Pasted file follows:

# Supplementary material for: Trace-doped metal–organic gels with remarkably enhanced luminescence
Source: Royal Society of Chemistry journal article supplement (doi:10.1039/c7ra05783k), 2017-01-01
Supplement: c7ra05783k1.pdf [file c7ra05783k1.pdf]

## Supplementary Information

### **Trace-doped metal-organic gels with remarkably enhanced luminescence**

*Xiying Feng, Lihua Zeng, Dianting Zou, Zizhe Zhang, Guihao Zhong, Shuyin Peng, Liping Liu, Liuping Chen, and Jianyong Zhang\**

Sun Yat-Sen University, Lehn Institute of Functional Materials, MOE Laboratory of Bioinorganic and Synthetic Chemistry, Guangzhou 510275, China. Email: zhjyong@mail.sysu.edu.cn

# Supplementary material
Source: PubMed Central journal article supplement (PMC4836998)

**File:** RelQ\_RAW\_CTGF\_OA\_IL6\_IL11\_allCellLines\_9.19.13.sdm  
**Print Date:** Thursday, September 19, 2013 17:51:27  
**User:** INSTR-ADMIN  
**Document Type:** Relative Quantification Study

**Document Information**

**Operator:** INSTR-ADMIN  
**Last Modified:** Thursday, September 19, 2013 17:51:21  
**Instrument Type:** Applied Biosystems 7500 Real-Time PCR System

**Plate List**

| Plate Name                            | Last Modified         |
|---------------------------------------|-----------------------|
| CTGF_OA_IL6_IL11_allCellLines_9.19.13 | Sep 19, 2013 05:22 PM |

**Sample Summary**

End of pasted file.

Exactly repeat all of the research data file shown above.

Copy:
# Supplementary material for: Trace-doped metal–organic gels with remarkably enhanced luminescence
Source: Royal Society of Chemistry journal article supplement (doi:10.1039/c7ra05783k), 2017-01-01
Supplement: c7ra05783k1.pdf [file c7ra05783k1.pdf]

## Supplementary Information

### **Trace-doped metal-organic gels with remarkably enhanced luminescence**

*Xiying Feng, Lihua Zeng, Dianting Zou, Zizhe Zhang, Guihao Zhong, Shuyin Peng, Liping Liu, Liuping Chen, and Jianyong Zhang\**

Sun Yat-Sen University, Lehn Institute of Functional Materials, MOE Laboratory of Bioinorganic and Synthetic Chemistry, Guangzhou 510275, China. Email: zhjyong@mail.sysu.edu.cn

# Supplementary material
Source: PubMed Central journal article supplement (PMC4836998)

**File:** RelQ\_RAW\_CTGF\_OA\_IL6\_IL11\_allCellLines\_9.19.13.sdm  
**Print Date:** Thursday, September 19, 2013 17:51:27  
**User:** INSTR-ADMIN  
**Document Type:** Relative Quantification Study

**Document Information**

**Operator:** INSTR-ADMIN  
**Last Modified:** Thursday, September 19, 2013 17:51:21  
**Instrument Type:** Applied Biosystems 7500 Real-Time PCR System

**Plate List**

| Plate Name                            | Last Modified         |
|---------------------------------------|-----------------------|
| CTGF_OA_IL6_IL11_allCellLines_9.19.13 | Sep 19, 2013 05:22 PM |

**Sample Summary**